The Birdman of Topeka
Meet the inventor who had a longer impact on the U.S. airplane industry than the Wrights.
Longren’s restive genius eventually both spurred and spoiled his legacy as an aviation pioneer. He helped shape the early airplane industry, designing and building state-of-the-art airplanes in Kansas, Missouri, and Oklahoma. He also played a chief role in the U.S. government’s first airplane development center. Yet in the words of one Kansas aviation writer, Longren eventually “wandered off into an almost anonymous life,” robbing himself of his rightful place among the pioneers in the annals of aviation history.
At the turn of the 20th century, Longren, the son of Swedish immigrants, was a teenager getting by with little but natural mechanical aptitude. He built a motorcycle in 1904, the same year William Harley and Arthur Davidson road-tested their first. In 1905, Longren impressed the editor of the
Leonardville Monitor when, at the age of 23, he drove his homebuilt car into town. “He made the car from practically nothing and it worked like a charm,” the paper reported. “Mr. Longren is quite a genius.”
During 1911, he quietly built his first airplane in Topeka, where he worked as a gasoline engine inspector for the Atchison, Topeka, and Santa Fe Railway. Longren, his brother E. J., and friend William Janicke crafted the airplane from ash, bamboo, spruce-reinforced linen, and 2,500 feet of 1/16th-inch wire. While his design closely resembled the Curtiss he repaired, it was nine feet longer, 75 pounds heavier, and four feet wider in wingspan; its eight-cylinder, 60-horsepower HallScott engine had more than twice the power of the Curtiss powerplant. The finished product was disassembled and trucked to a farm seven miles south of the city, where it was reassembled inside a tent to maintain secrecy.
Near sunset on September 2, 1911, with Longren in the pilot’s seat, the rear-facing prop was spun and the first airplane built and flown in Kansas shuddered forward. Its tricycle gear lifted gently, and the airplane flew a few hundred feet (exactly how many is in dispute), then touched down safely.
“The first time this plane was flown, I had never sat in any other airplane, or received any instructions from anyone experienced in flying,” Longren wrote years later in a scrapbook he sent to the Kansas State Historical Society. “The plane was also an unknown quantity because its balance and airworthiness was a big question. No one with any airplane building experience was consulted or rendered assistance.”
Longren went public a few days later. He first thrilled crowds at Topeka’s state fairgrounds before piloting the craft over the dome of the 325-foot-tall state capitol and scooted south, landing in a field before the three-gallon fuel tank ran dry. News of the flight quickly spread. County fair orga- nizers and chambers of commerce begged Longren to visit their venues. Longren, ever cautious, declined. “He wishes to perfect himself in the handling of the machine a little more before accepting any offers” is what one associate told the
, though by
Clay Center Dispatch-republican then Longren already had. In any case, his flight over Topeka was the first of 1,372 exhibitions; in all that time, the worst accident he suffered, while landing in a roughly plowed field, resulted only in a cracked strut.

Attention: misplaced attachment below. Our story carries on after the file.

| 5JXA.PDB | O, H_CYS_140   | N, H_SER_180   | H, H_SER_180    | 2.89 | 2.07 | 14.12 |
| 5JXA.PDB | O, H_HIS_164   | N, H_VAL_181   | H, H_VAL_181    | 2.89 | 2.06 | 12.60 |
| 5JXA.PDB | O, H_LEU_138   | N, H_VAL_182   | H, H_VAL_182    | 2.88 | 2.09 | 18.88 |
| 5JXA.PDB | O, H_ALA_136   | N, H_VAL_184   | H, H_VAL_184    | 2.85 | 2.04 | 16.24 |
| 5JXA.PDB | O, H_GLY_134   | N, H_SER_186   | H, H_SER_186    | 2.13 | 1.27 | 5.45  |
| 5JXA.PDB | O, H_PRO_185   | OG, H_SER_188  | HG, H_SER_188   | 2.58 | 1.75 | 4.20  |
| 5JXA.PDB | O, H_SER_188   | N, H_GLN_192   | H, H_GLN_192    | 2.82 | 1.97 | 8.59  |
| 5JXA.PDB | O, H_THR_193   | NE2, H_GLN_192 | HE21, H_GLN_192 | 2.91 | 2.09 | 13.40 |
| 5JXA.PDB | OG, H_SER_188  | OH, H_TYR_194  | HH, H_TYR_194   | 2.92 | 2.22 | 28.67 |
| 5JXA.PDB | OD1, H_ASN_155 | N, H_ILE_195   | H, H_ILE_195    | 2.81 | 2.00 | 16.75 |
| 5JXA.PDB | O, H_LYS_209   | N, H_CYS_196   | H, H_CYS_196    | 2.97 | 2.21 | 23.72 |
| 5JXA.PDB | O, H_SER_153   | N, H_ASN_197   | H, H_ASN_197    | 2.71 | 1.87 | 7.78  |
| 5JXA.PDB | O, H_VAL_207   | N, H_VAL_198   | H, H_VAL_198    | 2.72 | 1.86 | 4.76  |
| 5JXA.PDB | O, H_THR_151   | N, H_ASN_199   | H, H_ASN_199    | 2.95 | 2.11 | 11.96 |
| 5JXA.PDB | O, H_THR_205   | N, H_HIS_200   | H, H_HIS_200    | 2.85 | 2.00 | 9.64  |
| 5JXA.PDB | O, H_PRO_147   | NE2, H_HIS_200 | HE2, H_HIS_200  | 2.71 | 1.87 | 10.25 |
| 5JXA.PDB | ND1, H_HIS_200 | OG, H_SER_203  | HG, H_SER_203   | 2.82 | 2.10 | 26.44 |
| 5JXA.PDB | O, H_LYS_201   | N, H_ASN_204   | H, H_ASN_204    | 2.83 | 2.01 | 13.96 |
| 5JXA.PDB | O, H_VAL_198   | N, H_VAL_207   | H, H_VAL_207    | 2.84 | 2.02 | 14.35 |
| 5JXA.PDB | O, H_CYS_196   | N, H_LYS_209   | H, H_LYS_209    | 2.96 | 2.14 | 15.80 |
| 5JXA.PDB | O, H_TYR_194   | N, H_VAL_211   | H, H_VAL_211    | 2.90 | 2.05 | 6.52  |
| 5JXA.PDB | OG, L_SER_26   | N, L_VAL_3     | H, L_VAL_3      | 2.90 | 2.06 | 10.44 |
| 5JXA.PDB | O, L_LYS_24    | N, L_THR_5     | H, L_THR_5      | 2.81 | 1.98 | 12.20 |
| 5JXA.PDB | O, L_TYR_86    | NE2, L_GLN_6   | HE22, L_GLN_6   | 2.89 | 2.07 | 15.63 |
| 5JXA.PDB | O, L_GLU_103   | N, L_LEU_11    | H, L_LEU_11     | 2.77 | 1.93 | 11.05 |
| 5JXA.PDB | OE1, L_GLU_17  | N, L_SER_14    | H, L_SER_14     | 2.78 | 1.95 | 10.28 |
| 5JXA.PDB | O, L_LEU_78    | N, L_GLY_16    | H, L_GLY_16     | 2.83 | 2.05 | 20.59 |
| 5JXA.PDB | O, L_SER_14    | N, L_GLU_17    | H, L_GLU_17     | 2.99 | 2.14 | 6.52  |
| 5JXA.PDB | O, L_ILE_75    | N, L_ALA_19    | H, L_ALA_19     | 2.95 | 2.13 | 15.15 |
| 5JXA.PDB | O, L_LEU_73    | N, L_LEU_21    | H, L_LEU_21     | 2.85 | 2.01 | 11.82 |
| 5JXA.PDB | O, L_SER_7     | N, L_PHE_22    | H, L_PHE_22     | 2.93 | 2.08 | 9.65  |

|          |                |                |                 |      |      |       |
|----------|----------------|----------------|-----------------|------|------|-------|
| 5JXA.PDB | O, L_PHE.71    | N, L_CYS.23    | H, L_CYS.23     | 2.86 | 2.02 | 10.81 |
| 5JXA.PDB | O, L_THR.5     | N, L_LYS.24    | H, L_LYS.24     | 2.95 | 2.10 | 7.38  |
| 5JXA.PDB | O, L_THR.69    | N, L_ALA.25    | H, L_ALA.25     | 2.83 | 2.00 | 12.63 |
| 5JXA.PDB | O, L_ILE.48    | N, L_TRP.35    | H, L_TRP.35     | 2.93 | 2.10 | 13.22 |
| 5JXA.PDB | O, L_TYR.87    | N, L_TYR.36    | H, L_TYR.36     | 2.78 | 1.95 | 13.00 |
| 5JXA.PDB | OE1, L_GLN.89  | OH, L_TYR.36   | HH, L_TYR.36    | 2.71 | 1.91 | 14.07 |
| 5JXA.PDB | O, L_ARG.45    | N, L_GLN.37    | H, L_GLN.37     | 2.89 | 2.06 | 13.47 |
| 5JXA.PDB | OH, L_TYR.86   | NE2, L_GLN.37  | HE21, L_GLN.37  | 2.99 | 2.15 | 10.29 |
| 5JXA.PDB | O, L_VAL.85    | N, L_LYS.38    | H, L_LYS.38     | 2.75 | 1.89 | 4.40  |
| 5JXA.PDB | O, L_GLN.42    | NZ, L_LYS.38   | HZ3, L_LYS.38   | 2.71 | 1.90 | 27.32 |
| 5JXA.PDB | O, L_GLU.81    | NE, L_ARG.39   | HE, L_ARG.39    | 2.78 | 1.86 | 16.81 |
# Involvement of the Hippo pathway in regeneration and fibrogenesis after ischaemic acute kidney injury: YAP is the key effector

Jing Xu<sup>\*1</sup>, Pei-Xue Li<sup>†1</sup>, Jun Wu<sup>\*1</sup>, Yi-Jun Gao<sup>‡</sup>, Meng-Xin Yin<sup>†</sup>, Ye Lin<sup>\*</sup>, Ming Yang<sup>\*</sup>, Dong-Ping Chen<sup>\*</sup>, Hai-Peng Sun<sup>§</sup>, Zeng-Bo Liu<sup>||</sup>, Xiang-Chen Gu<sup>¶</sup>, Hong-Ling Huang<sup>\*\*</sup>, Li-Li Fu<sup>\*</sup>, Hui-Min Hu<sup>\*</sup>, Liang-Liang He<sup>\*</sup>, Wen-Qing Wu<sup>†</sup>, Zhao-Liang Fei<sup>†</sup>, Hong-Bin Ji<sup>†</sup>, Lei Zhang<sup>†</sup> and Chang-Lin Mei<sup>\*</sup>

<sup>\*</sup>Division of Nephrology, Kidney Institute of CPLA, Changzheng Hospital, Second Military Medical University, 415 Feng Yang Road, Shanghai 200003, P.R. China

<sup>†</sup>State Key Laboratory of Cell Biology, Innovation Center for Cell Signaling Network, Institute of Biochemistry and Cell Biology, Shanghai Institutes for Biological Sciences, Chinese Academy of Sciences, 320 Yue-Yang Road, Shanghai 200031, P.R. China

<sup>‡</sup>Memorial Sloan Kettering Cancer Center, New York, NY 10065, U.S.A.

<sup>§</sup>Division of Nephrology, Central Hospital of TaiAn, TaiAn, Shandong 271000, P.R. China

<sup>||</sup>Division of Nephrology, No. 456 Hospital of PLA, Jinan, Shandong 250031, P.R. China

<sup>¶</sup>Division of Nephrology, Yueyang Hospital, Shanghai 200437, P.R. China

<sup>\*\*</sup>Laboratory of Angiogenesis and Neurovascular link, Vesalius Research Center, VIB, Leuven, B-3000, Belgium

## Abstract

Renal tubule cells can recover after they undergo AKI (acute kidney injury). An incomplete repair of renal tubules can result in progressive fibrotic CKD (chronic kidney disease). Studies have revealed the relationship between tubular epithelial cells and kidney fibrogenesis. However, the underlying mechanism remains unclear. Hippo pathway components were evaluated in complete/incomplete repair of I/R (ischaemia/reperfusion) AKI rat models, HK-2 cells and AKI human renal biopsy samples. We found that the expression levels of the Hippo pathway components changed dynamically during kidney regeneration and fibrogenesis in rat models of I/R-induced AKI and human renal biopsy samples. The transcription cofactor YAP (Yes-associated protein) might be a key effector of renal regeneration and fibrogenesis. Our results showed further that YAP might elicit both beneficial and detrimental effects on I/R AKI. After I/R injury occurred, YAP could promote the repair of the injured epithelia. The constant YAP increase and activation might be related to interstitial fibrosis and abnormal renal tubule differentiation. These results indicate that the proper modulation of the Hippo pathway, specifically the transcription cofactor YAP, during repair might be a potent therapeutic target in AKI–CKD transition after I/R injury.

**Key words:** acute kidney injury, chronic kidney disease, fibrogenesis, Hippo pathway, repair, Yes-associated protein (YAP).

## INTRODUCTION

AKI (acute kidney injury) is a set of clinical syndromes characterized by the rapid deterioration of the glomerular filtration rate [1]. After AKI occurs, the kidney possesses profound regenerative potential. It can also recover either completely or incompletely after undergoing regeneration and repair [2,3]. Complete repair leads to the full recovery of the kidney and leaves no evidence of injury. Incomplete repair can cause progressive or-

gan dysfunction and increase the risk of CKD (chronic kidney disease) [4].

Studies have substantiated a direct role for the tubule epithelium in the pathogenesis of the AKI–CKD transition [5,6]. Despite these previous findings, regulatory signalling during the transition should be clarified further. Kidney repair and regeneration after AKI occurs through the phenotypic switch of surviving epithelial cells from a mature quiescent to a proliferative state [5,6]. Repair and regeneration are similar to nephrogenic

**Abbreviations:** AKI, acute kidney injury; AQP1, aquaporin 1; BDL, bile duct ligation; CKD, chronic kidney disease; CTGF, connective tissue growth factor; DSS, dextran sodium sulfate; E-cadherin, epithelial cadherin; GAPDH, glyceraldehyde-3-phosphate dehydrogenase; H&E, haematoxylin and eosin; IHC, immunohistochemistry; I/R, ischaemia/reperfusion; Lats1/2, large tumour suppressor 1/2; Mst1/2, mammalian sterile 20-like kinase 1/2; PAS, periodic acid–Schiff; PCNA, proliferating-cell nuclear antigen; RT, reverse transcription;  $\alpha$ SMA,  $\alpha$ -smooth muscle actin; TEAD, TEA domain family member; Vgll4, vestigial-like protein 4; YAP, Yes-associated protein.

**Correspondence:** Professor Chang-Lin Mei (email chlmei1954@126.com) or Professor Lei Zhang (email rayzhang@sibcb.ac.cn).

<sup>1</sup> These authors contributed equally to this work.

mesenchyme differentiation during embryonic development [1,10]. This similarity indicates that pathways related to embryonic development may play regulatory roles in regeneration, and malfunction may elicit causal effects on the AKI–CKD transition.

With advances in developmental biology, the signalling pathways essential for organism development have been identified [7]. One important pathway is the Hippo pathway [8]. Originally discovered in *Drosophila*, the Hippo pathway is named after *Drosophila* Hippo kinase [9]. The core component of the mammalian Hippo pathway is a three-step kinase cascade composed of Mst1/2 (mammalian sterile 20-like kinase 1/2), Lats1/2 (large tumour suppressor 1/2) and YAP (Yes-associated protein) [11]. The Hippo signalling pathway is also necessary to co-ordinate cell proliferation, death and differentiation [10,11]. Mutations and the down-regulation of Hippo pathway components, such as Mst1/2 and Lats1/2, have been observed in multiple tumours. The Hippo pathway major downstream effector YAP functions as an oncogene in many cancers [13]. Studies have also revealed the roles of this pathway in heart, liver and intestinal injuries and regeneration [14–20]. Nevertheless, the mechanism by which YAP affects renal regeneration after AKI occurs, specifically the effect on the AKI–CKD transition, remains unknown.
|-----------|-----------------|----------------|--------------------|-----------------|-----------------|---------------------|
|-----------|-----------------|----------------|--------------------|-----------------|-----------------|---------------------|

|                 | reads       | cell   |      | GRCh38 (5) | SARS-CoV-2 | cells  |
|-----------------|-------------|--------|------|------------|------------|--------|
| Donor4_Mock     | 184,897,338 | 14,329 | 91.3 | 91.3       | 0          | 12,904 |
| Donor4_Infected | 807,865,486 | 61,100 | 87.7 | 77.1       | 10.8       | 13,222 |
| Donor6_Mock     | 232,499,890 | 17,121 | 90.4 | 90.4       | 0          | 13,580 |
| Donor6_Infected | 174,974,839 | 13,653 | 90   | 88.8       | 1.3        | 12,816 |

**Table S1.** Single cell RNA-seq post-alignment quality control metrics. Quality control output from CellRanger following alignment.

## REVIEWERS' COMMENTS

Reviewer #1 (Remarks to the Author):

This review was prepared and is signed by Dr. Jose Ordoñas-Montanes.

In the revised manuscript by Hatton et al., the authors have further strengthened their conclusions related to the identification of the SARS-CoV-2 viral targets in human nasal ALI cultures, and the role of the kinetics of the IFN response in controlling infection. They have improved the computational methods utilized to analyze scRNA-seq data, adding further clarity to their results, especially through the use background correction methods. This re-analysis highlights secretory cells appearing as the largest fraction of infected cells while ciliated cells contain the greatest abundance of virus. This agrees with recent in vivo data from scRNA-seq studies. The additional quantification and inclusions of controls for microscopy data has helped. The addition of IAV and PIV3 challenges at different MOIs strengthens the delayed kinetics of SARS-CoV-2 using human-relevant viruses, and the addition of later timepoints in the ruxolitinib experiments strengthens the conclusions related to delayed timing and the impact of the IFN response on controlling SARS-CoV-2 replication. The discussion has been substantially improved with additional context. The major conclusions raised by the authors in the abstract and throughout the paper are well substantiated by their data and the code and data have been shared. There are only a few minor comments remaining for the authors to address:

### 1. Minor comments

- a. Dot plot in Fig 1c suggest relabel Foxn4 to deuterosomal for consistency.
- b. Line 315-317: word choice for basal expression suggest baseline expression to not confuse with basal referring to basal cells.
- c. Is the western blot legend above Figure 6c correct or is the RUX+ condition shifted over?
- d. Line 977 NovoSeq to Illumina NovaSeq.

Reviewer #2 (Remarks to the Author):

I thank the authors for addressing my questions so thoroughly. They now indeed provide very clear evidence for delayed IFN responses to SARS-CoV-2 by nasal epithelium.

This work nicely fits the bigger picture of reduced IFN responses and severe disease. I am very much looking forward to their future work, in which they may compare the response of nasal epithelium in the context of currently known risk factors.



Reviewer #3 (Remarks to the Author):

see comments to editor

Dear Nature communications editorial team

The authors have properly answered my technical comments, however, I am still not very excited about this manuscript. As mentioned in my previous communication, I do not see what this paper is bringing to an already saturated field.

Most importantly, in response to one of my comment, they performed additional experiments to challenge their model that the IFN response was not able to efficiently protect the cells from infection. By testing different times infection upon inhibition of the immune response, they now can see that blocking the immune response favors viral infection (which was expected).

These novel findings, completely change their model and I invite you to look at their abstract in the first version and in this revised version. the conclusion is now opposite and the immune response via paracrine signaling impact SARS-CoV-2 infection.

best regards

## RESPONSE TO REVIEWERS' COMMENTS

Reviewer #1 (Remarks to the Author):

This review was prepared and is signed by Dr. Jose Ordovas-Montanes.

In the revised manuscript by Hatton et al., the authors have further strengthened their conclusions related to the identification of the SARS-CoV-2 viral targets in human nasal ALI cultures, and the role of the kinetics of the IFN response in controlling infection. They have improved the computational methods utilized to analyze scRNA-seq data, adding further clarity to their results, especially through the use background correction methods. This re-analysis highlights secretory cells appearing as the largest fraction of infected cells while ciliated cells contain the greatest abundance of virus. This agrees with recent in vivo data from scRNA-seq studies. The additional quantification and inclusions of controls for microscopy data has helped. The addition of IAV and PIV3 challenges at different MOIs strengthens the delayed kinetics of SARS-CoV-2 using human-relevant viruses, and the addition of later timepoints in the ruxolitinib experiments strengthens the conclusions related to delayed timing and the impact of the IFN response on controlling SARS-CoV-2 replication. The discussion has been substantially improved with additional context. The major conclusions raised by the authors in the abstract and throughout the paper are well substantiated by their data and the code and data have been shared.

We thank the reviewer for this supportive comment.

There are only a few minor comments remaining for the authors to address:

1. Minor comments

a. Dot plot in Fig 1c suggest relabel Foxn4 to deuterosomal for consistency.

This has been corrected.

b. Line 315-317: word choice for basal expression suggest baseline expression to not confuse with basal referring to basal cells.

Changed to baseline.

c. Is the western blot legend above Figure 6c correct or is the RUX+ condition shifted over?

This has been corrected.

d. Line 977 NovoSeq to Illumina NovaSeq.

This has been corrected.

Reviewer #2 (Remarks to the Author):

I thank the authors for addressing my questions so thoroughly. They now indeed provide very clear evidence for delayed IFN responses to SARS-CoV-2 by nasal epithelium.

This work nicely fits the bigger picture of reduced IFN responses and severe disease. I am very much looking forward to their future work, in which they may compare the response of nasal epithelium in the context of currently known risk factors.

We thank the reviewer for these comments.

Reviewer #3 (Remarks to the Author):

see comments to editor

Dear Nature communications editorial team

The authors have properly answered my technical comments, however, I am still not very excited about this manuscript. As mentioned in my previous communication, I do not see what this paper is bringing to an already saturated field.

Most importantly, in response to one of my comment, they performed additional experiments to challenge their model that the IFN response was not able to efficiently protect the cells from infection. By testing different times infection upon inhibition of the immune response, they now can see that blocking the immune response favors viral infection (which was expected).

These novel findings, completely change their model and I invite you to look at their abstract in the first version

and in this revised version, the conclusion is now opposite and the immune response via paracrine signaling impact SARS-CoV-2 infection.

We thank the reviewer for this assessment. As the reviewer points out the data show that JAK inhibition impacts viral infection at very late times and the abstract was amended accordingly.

A local financial backer sent Longren barnstorming across Kansas, Nebraska, and Oklahoma, each exhibition earning the airplane designer about $350. Awed crowds included a thousand Cheyenne Indians encamped near Watonga, Oklahoma. The income paid for a second airplane in 1912, a shorter, smaller version of the original.
The exhibitions and airplane-building continued, but the law of averages finally overtook Longren: In a crack-up in Abilene, Texas, in 1915, he broke a leg. An accident two years later was financially painful: While flying to Leroy, Kansas, to meet desperately needed investors, his engine malfunctioned, and the airplane dropped from the sky and killed a cow. The cow cost Longren $100; the wreck cost him his investors.
So Longren’s first aviation company failed. But unlike many companies at the time, the quality of his product was not the problem. He designed, constructed, and sold 10 models, from open-frame pusher types to “tractor” airplanes with three-blade propellers. All responded nimbly to pilot controls, maintained their structural integrity in flight, and withstood the stresses of primitive landing surfaces. One surviving airplane, his fifth (built with parts of the first), today
ALBIN KASPER “A.K.” LONGREN didn’t tinker with airplanes until 1910, the year a Curtiss pusher plane flew into Topeka, Kansas, not far from his hometown of Leonardville, for a public demonstration flight. The plane crashed, and the pilot gave Longren the chance to help repair it. He finished the job resolved to build his own.
hangs in the Kansas Museum of History in Topeka. Each design roughly copied other manufacturers’ airplanes, but the pattern would not persist. Longren was an innovator, not a replicator.
While barnstorming in Minneapolis, Kansas, Longren met Dolly Trent and married her after she began work as a nurse in Kansas City. She became a key partner in her husband’s business. Dolly sewed cloth wing covers, helped clean up castor oil spills in the factory assembly line, and dreamed up marketing slogans: “Watch it climb, see it fly, you’ll own a Longren by and by.” She was a bubbly counterpart to her taciturn husband.
Temporarily out of business, Longren found a job during World War I as chief inspector of aircraft at Mccook Field in Dayton, Ohio. For a year and a half, the self-taught airplane-maker mingled with test pilots and designers at America’s first military aviation research and development center, and at war’s end in 1919, he returned to Topeka primed to build another airplane.